July 6th, 2011
I have been a huge Willie Randolph fan since 1976, his rookie season with the New York Yankees. When I first heard about the trade with the Pirates that brought Willie to the Bronx I wasn’t thrilled because the Yankees had sent a pretty good starting pitcher named Doc Medich to Pittsburgh, in the deal. It only took me a few games into the 1976 season, however, to realize Randolph was a winner. Though he was only 21 years old at the time, he played like a polished veteran, especially in the field. I loved the way he fluidly brought ground balls hit to him into his body before making the throw. At the plate, Willie was adept at getting on base, stealing important bases, and moving runners into scoring position. The best way I can describe Willie’s impact on the Yankees was that you really noticed how good he was when he wasn’t in the lineup.
Willie was also a great teammate. On a Yankee team that was notorious for clubhouse cliques and animosity, Willie got along with and was respected by everyone and was eventually named Yankee Captain.
I remember the disappointment I felt when Randolph signed with the Dodgers as a free agent after the 1988 season. The Yankees were in the midst of a fifteen-season-long postseason drought and with Randolph leaving, they were losing one of their last links to their glory teams of the seventies. He ended up playing until 1992 and retired with 2,210 lifetime hits (1,731 as a Yankee) 1,239 runs (1,027 with NY) and a .276 lifetime batting average (.275 with NY) over eighteen seasons.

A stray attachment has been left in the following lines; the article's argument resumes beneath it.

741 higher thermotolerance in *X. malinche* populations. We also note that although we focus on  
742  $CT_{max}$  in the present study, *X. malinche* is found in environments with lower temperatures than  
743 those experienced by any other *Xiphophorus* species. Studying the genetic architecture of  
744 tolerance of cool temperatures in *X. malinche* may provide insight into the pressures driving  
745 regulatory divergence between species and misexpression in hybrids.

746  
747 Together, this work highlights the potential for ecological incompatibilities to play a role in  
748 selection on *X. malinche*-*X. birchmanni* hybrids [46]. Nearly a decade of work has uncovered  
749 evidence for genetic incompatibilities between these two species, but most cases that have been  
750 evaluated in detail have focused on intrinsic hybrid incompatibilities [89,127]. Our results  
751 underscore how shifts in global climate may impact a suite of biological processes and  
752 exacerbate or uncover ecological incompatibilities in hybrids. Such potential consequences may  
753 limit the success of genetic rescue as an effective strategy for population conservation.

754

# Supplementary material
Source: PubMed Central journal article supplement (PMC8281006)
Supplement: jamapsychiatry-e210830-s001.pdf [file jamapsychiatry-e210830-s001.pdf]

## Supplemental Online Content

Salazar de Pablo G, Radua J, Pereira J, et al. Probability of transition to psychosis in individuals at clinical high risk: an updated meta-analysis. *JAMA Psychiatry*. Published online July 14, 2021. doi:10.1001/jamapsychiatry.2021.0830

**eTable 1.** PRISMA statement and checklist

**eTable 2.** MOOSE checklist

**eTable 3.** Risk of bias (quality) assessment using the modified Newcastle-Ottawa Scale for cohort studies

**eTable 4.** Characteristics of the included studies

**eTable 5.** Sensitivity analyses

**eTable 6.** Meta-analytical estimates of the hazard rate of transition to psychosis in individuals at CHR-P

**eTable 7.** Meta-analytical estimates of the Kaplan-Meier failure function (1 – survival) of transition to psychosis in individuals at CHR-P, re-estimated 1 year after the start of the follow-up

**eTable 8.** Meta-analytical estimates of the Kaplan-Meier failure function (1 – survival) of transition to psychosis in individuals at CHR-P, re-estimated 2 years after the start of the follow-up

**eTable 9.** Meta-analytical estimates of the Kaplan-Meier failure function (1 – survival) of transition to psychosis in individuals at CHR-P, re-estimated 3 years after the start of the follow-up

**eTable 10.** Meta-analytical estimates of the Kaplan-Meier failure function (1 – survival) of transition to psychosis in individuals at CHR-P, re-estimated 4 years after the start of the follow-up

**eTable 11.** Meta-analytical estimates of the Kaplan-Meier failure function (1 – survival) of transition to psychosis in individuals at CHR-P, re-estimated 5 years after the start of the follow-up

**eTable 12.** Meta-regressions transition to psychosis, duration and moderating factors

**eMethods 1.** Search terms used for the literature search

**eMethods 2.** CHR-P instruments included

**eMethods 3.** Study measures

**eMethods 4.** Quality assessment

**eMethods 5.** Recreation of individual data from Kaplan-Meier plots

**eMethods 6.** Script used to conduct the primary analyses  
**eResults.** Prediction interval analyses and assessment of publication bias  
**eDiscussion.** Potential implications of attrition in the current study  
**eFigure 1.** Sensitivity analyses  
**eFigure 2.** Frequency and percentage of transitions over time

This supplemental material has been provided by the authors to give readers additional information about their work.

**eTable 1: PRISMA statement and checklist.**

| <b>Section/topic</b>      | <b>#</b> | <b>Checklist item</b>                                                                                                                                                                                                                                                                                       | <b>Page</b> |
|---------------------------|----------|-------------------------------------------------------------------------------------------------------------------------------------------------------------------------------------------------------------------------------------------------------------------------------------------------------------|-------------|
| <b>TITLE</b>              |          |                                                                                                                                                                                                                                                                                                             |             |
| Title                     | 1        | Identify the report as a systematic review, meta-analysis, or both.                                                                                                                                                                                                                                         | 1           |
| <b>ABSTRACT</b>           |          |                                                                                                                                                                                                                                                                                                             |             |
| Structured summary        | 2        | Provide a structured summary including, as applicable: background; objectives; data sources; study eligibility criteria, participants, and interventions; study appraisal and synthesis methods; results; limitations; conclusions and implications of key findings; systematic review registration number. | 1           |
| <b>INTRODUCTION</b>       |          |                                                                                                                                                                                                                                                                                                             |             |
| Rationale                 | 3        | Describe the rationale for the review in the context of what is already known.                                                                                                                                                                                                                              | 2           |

When Willie was named manager of the Mets, I knew he would be a very calm and controlled field boss who treated his players like professionals, respected the skills and opinions of his coaches, and let his team play. He did just that and deserved a much better fate than he received from the team’s front-office.
Willie was born on this date in 1954, in Holly Hills, SC. His family moved to Brooklyn where Willie was raised and played high school baseball. He shares his July 6th birthday with this World War II era Yankee backup catcher and this long-ago Yankee captain.
|NYY (13 yrs)||1694||7464||6303||1027||1731||259||58||48||549||251||1005||512||.275||.374||.357||.731|
|LAD (2 yrs)||171||746||645||77||181||22||0||3||45||8||84||60||.281||.365||.329||.694|
|NYM (1 yr)||90||336||286||29||72||11||1||2||15||1||40||34||.252||.352||.318||.670|
|PIT (1 yr)||30||70||61||9||10||1||0||0||3||1||7||6||.164||.246||.180||.427|
|OAK (1 yr)||93||333||292||37||75||9||3||1||21||6||32||25||.257||.331||.318||.650|
|MIL (1 yr)||124||512||431||60||141||14||3||0||54||4||75||38||.327||.424||.374||.798|